ONE of the fun aspects of ministering near Theatreland is when actors who are unfamiliar with church life find themselves with a part that demands some research into religion, and those of us who are parish priests near by get a call.
So this Lent I spend an interesting couple of hours with actors who are in Henrik Ibsen’s 1886 play Rosmersholm. Ostensibly, they come to talk about what happens when a pastor loses his or her faith. I try not to worry that they have selected me to talk about this particular topic, and get on with the job at hand. But our conversation quickly turns to the place of religion in today’s society, in which the majority are no longer familiar with Christianity’s stories and revelations, let alone the hinterland or nuances of faith.
All the actors say something like “I’m spiritual but not religious,” and all of them are curious about what religious practice brings to a life — both for an individual and for a community. We get on to singing. We get on to confessing, and being forgiven. We get on to love. And I’m reminded, as so often, by someone who is not anywhere near wanting to be part of the church institution that building a church community is unlike building any other community in today’s world.
The actor says, very seriously, and with great respect, that taking part in liturgy — praying — is unlike any other human activity that he can think of. And, in a social-media, high-energy, target-driven city environment, he can see why people would want to connect, not only with a sense of community (as he puts it), but with a transcendent life among all the hectoring immanence. In his own way, he describes, with great emotion and accuracy, the redemptive arc of Christianity which is once again being described for us this Holy Week and Easter.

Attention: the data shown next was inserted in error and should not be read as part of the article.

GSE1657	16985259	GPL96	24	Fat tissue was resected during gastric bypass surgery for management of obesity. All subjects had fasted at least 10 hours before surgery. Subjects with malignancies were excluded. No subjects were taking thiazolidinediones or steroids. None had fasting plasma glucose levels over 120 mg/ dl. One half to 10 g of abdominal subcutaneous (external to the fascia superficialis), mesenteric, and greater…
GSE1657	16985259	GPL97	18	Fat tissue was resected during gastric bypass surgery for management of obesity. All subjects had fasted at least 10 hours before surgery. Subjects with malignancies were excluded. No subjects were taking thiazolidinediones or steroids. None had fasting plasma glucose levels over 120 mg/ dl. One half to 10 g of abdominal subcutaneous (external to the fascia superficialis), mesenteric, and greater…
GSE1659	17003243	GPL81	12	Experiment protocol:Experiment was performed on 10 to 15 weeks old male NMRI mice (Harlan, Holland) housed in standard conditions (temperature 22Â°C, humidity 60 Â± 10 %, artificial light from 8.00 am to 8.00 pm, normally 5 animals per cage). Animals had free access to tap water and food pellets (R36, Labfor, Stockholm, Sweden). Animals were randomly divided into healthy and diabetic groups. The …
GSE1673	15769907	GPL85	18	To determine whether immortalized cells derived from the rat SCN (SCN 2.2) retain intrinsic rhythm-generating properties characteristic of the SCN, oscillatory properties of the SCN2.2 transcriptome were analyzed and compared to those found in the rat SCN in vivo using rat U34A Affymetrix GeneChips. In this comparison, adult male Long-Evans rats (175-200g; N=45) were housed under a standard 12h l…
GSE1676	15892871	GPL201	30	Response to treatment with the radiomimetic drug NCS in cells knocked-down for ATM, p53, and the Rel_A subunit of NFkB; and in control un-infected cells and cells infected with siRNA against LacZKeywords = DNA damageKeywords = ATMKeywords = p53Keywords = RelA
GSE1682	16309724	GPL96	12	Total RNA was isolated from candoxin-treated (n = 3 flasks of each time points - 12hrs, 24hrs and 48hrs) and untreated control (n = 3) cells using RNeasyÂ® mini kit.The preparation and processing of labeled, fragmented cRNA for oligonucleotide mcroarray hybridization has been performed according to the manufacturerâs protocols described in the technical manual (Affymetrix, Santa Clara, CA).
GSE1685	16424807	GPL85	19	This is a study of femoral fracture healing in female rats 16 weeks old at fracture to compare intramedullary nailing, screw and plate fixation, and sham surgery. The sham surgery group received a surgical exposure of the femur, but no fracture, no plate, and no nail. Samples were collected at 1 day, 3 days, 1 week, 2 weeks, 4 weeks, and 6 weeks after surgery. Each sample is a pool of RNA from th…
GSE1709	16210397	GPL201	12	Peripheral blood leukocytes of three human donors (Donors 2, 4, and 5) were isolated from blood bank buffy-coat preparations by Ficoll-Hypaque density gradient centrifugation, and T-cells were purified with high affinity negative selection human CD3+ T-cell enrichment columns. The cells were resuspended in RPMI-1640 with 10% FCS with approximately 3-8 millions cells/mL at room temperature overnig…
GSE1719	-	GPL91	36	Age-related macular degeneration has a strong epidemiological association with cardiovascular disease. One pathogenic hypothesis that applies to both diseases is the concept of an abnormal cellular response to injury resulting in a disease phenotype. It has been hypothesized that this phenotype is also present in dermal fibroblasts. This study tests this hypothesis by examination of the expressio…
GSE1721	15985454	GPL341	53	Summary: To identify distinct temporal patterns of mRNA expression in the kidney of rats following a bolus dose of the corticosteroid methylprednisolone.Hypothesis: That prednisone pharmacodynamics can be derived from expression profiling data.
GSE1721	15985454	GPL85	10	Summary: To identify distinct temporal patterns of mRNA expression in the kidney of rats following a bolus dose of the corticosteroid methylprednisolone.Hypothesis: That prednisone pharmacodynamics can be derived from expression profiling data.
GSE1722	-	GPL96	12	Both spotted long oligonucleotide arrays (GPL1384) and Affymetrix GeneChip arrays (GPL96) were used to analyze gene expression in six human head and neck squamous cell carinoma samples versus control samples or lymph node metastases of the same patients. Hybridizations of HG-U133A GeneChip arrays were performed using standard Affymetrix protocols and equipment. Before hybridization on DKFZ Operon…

I leave our conversation instructed, provoked, and moved; resolving to think more deeply about how to have these kinds of discussions more often.
What’s in a name
THE man who runs the flower stall in the street has ordered the palms for Palm Sunday, and the plants for Easter Day. And the verger team have been full of the planning: the oils for Maundy Thursday; the bowls of water for the washing of all those feet in the congregation; the life-sized — or, rather, death-sized — cross for Good Friday; the ingredients for the bread that will be prepared on Easter Eve and left to rise overnight for communion in the garden at dawn; the bells and yew branches for the declaration that Christ is risen; and rehearsal schedules for the visiting trumpets so that the pop-up “Hallelujah Chorus” goes with a swing on Easter Day.
Each year, the head verger puts up in the vestry a plan of all the services, and who is responsible for their organisation — mostly so that the team can tick them off as they’re done. And, each year, the festivals get new branding. Last Christmas, it was “Mamma Maria, here we go again”, not to be outdone by “Three Wise Men and a Baby” the year before. Who knows what this Easter will bring?